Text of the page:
The journey of writing an academic dissertation can be both intellectually rewarding and challenging. A dissertation serves as a testament to your scholarly prowess and your ability to contribute meaningfully to your field of study. However, the process requires careful planning, rigorous research, and effective writing skills. In this guide, we will take you through the essential steps of starting, researching, and writing an academic dissertation.

Step 1: Choosing a Topic

Selecting a suitable topic is the cornerstone of your dissertation journey. The topic should align with your academic interests, be relevant to your field, and have the potential for original research. Begin by conducting a preliminary exploration of your chosen subject area, identifying gaps in existing literature, and formulating research questions that will guide your study.

Step 2: Conducting a Literature Review

A thorough literature review is crucial for establishing the context of your research, identifying existing theories and methodologies, and pinpointing gaps that your dissertation can address. Dive into academic databases, libraries, and online resources to gather relevant scholarly articles, books, and other materials. Analyse and synthesise these sources to highlight key debates, trends, and findings in your chosen field.

Step 3: Crafting a Research Proposal

A well-structured research proposal outlines the scope, objectives, and methods of your study. It acts as a roadmap for your dissertation and provides a clear overview of your research intentions. Your proposal should include an introduction to your topic, research questions, hypothesis (if applicable), research methodology, and a preliminary bibliography. Seek feedback from your advisor or mentor to refine your proposal before proceeding.

Step 4: Defining Methodology

Your research methodology outlines the approach you will take to collect and analyse data. Depending on your field, you might opt for qualitative, quantitative, or mixed methods. Justify your chosen methodology by explaining its suitability for addressing your research questions. Develop a clear plan for data collection, sampling techniques, and data analysis procedures. Remember, a robust methodology lends credibility to your dissertation’s findings.

Step 5: Data Collection and Analysis

Implement your chosen research methods to collect relevant data. This may involve surveys, interviews, experiments, archival research, or other techniques. Ensure that your data collection is systematic, unbiased, and well-documented. Once you have gathered your data, analyse it using appropriate tools and techniques. Clearly present your findings, using tables, graphs, and narratives to illustrate your results.

Step 6: Structuring Your Dissertation

A well-structured dissertation enhances readability and comprehension. Typically, an academic dissertation consists of the following chapters:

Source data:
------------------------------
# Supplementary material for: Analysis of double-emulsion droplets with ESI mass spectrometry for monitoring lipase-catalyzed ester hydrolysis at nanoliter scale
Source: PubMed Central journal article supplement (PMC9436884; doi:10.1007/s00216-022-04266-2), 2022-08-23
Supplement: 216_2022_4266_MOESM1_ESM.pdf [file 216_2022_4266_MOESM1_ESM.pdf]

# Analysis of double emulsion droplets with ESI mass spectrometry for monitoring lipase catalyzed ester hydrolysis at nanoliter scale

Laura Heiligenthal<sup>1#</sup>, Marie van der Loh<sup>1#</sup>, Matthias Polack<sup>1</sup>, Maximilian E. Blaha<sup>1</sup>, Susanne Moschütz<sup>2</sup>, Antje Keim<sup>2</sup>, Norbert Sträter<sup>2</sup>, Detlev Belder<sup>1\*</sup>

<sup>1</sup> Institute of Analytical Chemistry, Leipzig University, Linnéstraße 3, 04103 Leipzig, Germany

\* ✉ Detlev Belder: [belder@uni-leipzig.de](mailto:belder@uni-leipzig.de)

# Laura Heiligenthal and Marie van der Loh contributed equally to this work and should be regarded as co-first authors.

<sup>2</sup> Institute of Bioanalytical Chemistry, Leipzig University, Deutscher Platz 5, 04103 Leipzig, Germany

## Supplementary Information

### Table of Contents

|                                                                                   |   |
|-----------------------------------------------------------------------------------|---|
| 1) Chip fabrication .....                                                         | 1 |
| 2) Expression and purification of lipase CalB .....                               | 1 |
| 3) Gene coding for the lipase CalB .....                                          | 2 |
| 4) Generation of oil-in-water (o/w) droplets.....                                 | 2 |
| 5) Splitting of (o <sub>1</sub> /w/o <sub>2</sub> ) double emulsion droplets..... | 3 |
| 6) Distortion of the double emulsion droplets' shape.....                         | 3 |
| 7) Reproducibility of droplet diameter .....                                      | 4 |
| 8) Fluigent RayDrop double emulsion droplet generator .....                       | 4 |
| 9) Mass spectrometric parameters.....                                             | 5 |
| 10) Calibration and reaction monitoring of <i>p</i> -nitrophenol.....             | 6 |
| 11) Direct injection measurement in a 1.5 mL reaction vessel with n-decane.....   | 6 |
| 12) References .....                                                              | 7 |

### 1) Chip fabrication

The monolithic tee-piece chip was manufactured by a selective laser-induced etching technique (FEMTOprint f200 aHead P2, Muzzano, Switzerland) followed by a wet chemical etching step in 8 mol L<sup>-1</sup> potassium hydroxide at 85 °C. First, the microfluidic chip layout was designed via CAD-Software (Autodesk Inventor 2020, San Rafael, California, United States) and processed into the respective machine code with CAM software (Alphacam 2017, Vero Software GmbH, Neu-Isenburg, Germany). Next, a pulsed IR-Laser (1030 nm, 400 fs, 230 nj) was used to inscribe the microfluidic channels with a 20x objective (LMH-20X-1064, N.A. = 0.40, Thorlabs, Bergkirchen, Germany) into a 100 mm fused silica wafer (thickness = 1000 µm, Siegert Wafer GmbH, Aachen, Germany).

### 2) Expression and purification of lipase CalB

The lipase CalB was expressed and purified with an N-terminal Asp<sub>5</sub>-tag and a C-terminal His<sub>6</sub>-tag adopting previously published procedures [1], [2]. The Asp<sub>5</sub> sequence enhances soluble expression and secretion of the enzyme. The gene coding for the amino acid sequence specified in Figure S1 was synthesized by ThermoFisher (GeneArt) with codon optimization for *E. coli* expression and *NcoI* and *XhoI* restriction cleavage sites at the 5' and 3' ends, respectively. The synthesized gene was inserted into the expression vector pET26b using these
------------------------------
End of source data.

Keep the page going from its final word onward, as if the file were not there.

1. Introduction: Present the research problem, objectives, significance, and scope of your study.
  2. Literature Review: Summarise relevant literature, identify gaps, and establish the context for your research.
  3. Methodology: Describe your research design, methods, and data analysis techniques.
  4. Findings: Present your research results in a clear and organised manner.
  5. Discussion: Interpret your findings, relate them to existing literature, and address research questions.
  6. Conclusion: Summarise key findings, discuss implications, and suggest avenues for future research.
  7. References: List all sources cited in your dissertation.

Step 7: Writing and Revising

Begin writing your dissertation by breaking it down into manageable sections. Maintain a clear and concise writing style, avoiding jargon and excessive technical language. As you write, regularly review and revise your work to improve clarity, coherence, and logical flow. Seek feedback from peers, advisors, or mentors to ensure that your arguments are well-supported and your ideas are effectively communicated.

Step 8: Proper Citation and Referencing

Accurate citation and referencing are essential to uphold academic integrity. Follow the citation style mandated by your institution or field (e.g., APA, MLA, Chicago) and ensure consistency throughout your dissertation. Properly attribute ideas, quotes, and data to their original sources, both in-text and in your reference list.


Undertaking an academic dissertation is a challenging yet rewarding endeavor that requires meticulous planning, rigorous research, and effective writing skills. By following the steps outlined in this guide, you can navigate the process with confidence and produce a dissertation that contributes meaningfully to your field of study. Remember, dedication, perseverance, and a commitment to producing high-quality scholarly work will ultimately lead to a successful and impactful dissertation.

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